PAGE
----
Plaintiff argues that the City is not entitled to summary judgment as to his state law claims. Plaintiff appears to argue that because "a jury could find that the officer defendants 'negligently' misidentified Mr. Monaco as being involved in the fight in the parking lot," the Tort Claims Act's willful misconduct provision would not immunize the City. (Pl.'s Opp'n Br. 34-35.)
The Court will grant the City's motion for summary judgment on Plaintiff's state common law claims contained in Counts Five, Six, Eight, and Ten of the Amended Complaint. These claims are all premised upon the allegedly willful conduct of the individual officers, and the Tort Claims Act immunizes public entities from liability in cases where public employees engage in criminal, fraudulent, malicious, or willful misconduct. N.J.S.A. 59:2-10. Plaintiff's effort to circumvent the immunity provisions of the Tort Claims Act by arguing that a jury could find that the officers engaged in negligent, rather than willful, conduct would not preserve his claims in Counts Five, Six, Eight, and Ten against the City, because in order to state a claim in any of these Counts, Plaintiff would have to establish that the defendants acted willfully. In other words, if Plaintiff's evidence merely establishes that the officers acted negligently, then his claims in Counts Five, Six, Eight, and Ten would fail on the merits, irrespective of whether the City is immune, but if Plaintiff establishes that the officers acted willfully, then N.J.S.A. 59:2-10 would immunize the City from liability on these claims. Meanwhile, Plaintiff's claim against the City for negligent supervision of its officers, set forth in Count Nine, as discussed above,*fn18 survives this motion.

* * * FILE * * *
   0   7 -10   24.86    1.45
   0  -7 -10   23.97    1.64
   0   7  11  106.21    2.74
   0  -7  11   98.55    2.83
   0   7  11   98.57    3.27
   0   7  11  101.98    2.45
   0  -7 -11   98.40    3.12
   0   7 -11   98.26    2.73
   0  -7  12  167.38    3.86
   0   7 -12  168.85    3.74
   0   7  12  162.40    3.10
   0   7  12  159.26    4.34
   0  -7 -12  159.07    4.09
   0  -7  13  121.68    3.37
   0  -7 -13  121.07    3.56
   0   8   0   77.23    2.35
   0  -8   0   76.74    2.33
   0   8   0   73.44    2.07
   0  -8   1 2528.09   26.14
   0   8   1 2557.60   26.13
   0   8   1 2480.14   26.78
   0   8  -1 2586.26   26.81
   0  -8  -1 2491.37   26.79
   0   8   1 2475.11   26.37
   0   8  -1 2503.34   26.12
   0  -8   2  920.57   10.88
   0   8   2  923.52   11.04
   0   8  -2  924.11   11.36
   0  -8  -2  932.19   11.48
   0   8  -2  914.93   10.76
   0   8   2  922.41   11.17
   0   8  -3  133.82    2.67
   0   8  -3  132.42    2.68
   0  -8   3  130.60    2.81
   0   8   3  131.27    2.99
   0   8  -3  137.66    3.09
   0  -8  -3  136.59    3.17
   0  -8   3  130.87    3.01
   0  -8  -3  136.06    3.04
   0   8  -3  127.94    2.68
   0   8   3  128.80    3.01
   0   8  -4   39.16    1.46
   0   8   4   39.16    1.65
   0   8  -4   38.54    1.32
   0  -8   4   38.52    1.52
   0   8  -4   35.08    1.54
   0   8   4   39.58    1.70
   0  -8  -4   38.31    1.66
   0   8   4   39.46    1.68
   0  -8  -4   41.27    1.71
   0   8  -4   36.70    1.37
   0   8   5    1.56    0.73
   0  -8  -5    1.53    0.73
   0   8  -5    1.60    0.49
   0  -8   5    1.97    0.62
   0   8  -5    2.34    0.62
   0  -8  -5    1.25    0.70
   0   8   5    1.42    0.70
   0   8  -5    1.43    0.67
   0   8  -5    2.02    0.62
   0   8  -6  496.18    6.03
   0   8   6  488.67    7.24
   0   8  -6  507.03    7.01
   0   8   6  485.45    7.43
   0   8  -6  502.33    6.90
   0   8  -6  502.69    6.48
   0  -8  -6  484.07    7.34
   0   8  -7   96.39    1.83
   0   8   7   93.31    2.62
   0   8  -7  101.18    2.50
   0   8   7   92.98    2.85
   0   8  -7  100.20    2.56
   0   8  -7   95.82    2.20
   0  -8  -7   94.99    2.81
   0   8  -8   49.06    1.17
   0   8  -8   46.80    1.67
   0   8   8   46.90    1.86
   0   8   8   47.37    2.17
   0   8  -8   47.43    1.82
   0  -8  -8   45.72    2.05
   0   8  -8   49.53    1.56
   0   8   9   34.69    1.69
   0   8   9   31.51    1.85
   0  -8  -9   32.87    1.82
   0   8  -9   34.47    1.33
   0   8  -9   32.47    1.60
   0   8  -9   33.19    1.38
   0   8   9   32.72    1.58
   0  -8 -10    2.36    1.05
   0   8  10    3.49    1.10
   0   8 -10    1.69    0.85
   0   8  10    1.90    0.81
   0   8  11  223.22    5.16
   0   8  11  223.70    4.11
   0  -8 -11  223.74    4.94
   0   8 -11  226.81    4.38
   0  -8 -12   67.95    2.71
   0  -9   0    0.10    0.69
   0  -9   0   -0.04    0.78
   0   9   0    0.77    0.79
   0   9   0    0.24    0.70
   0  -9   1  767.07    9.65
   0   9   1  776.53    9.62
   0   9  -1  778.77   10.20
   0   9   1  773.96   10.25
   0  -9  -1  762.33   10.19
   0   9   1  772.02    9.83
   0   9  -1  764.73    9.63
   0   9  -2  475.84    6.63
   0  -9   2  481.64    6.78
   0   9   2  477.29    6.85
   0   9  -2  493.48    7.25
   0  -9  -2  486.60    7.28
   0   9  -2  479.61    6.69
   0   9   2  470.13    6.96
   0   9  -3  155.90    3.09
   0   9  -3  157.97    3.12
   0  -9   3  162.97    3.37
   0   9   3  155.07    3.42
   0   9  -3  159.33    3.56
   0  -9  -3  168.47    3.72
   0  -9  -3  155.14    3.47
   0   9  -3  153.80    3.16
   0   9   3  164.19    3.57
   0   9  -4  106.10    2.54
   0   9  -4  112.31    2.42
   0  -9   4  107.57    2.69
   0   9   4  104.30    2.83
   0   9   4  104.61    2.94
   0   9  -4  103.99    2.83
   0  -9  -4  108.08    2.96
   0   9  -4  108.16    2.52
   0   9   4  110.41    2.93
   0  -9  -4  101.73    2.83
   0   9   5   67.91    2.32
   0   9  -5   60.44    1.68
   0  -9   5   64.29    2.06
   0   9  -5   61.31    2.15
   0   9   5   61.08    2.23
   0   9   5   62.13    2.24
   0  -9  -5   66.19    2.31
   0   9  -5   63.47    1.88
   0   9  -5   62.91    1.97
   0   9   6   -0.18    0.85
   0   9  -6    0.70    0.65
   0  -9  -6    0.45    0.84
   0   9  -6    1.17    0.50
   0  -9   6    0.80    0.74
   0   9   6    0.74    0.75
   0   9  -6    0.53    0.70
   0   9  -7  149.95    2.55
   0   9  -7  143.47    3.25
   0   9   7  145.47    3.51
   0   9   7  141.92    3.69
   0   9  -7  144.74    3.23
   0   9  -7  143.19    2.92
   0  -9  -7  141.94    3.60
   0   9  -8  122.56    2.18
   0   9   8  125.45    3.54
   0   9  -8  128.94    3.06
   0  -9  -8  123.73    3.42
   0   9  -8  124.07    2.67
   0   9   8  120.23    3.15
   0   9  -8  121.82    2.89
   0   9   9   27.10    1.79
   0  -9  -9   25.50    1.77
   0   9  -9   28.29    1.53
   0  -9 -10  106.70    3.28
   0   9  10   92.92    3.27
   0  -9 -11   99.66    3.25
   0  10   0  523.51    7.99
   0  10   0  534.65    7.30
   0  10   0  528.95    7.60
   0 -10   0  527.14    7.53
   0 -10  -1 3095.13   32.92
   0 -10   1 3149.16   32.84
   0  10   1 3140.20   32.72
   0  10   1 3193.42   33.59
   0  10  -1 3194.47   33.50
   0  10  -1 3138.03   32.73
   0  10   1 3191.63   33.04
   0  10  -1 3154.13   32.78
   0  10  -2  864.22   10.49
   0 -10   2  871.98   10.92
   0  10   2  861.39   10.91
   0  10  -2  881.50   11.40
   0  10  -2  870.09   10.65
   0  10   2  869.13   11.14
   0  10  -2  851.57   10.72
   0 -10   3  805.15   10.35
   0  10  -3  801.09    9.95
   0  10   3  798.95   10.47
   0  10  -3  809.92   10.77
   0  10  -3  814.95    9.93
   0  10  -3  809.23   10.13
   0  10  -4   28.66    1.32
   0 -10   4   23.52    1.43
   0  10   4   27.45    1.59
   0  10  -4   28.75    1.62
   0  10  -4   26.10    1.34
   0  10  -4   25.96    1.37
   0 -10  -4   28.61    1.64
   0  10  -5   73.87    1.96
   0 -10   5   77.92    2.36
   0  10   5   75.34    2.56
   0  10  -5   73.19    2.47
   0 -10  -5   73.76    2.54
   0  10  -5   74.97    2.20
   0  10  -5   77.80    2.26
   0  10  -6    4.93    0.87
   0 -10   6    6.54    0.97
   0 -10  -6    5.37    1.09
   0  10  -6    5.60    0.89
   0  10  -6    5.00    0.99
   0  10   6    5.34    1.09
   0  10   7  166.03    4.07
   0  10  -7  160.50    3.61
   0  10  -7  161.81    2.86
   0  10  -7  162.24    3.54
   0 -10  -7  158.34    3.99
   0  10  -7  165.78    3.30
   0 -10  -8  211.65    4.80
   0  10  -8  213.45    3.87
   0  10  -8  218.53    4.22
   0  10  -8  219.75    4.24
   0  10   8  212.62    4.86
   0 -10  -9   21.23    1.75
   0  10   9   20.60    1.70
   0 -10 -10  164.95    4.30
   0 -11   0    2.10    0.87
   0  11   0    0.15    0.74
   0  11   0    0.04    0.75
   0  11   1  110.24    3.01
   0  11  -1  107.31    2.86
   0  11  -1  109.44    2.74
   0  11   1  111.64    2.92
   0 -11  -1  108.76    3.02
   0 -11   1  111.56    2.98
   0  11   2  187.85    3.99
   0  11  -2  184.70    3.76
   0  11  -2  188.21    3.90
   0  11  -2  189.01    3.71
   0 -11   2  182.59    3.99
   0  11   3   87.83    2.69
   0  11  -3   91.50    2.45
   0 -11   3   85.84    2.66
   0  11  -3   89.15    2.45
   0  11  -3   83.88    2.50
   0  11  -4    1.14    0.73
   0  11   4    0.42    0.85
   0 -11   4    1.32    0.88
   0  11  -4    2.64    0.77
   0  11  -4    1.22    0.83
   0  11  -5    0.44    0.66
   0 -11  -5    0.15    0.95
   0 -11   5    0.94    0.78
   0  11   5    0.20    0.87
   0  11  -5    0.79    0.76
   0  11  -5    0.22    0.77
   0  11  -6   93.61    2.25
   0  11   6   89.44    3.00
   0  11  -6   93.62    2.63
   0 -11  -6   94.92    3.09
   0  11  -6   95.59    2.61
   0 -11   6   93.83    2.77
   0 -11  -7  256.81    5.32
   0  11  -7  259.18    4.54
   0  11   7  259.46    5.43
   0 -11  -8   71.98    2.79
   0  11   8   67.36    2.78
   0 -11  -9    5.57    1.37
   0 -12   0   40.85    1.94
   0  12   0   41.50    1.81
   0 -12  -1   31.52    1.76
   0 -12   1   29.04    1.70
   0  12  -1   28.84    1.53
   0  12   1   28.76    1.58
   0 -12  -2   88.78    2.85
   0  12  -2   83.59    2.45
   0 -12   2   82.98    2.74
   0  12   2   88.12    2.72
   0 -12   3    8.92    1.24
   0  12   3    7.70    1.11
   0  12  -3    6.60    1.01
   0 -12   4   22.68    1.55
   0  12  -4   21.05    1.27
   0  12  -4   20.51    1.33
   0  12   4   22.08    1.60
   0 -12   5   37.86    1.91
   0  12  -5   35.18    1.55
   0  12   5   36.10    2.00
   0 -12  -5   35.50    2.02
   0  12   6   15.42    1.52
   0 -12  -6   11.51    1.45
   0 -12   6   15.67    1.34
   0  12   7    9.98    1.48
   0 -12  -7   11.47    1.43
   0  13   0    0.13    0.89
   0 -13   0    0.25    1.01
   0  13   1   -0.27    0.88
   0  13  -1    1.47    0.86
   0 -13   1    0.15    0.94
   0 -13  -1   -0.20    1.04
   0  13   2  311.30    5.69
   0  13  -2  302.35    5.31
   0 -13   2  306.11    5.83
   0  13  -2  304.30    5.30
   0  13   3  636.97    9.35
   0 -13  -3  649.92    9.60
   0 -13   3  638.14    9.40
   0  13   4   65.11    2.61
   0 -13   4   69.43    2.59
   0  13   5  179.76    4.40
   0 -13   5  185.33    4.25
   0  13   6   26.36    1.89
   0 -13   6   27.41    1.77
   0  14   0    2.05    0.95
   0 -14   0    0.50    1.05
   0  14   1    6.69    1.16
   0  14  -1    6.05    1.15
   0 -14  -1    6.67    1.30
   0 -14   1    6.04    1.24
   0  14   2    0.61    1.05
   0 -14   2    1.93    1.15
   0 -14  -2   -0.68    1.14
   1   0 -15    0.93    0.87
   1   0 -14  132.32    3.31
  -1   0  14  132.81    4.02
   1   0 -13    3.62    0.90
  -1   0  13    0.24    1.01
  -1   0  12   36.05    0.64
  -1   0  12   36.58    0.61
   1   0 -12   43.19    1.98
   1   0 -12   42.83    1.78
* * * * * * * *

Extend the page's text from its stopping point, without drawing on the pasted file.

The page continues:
For the reasons discussed above, the Court will deny Defendant Sampson's motion for summary judgment as to Plaintiff's malicious prosecution claim, but will grant the remainder of the Individual Defendants' motion for summary judgment. In addition, the Court will deny the City Defendants' motion for summary judgment as to Plaintiff's constitutional claims in Counts One, Two, Three, and Four and his negligence claim in Count Nine, but will grant the remainder of the City Defendants' motion. The accompanying Order will be entered.
JEROME B. SIMANDLE United States District Judge